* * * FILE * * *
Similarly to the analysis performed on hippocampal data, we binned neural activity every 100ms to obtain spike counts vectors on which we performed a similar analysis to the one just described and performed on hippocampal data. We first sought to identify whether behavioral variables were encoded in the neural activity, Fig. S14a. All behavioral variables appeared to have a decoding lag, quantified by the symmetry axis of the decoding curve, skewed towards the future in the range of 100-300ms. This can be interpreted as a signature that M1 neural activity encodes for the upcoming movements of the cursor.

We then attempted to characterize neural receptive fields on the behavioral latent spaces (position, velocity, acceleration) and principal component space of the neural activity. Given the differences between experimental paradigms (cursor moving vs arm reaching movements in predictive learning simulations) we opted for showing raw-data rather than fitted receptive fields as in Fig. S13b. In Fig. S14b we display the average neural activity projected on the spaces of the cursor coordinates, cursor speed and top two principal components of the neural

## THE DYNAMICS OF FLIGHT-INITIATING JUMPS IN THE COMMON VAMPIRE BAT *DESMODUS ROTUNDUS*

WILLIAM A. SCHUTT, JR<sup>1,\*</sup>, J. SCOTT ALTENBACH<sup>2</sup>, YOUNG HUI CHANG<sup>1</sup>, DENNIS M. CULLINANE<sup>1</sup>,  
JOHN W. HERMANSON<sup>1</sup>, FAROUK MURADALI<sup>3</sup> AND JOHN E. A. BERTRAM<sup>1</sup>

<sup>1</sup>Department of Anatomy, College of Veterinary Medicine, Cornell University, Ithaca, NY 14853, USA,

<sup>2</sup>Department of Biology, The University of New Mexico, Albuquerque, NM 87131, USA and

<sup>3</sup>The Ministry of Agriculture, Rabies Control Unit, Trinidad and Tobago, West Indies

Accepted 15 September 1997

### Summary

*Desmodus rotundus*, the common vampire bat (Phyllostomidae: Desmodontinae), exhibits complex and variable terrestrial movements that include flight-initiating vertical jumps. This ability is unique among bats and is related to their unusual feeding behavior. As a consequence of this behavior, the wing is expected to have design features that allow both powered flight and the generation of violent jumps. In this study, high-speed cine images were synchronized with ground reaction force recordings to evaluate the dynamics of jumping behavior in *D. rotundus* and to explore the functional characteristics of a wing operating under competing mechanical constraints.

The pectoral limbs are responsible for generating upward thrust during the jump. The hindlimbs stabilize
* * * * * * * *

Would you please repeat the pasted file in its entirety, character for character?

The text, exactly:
Similarly to the analysis performed on hippocampal data, we binned neural activity every 100ms to obtain spike counts vectors on which we performed a similar analysis to the one just described and performed on hippocampal data. We first sought to identify whether behavioral variables were encoded in the neural activity, Fig. S14a. All behavioral variables appeared to have a decoding lag, quantified by the symmetry axis of the decoding curve, skewed towards the future in the range of 100-300ms. This can be interpreted as a signature that M1 neural activity encodes for the upcoming movements of the cursor.

We then attempted to characterize neural receptive fields on the behavioral latent spaces (position, velocity, acceleration) and principal component space of the neural activity. Given the differences between experimental paradigms (cursor moving vs arm reaching movements in predictive learning simulations) we opted for showing raw-data rather than fitted receptive fields as in Fig. S13b. In Fig. S14b we display the average neural activity projected on the spaces of the cursor coordinates, cursor speed and top two principal components of the neural

## THE DYNAMICS OF FLIGHT-INITIATING JUMPS IN THE COMMON VAMPIRE BAT *DESMODUS ROTUNDUS*

WILLIAM A. SCHUTT, JR<sup>1,\*</sup>, J. SCOTT ALTENBACH<sup>2</sup>, YOUNG HUI CHANG<sup>1</sup>, DENNIS M. CULLINANE<sup>1</sup>,  
JOHN W. HERMANSON<sup>1</sup>, FAROUK MURADALI<sup>3</sup> AND JOHN E. A. BERTRAM<sup>1</sup>

<sup>1</sup>Department of Anatomy, College of Veterinary Medicine, Cornell University, Ithaca, NY 14853, USA,

<sup>2</sup>Department of Biology, The University of New Mexico, Albuquerque, NM 87131, USA and

<sup>3</sup>The Ministry of Agriculture, Rabies Control Unit, Trinidad and Tobago, West Indies

Accepted 15 September 1997

### Summary

*Desmodus rotundus*, the common vampire bat (Phyllostomidae: Desmodontinae), exhibits complex and variable terrestrial movements that include flight-initiating vertical jumps. This ability is unique among bats and is related to their unusual feeding behavior. As a consequence of this behavior, the wing is expected to have design features that allow both powered flight and the generation of violent jumps. In this study, high-speed cine images were synchronized with ground reaction force recordings to evaluate the dynamics of jumping behavior in *D. rotundus* and to explore the functional characteristics of a wing operating under competing mechanical constraints.

The pectoral limbs are responsible for generating upward thrust during the jump. The hindlimbs stabilize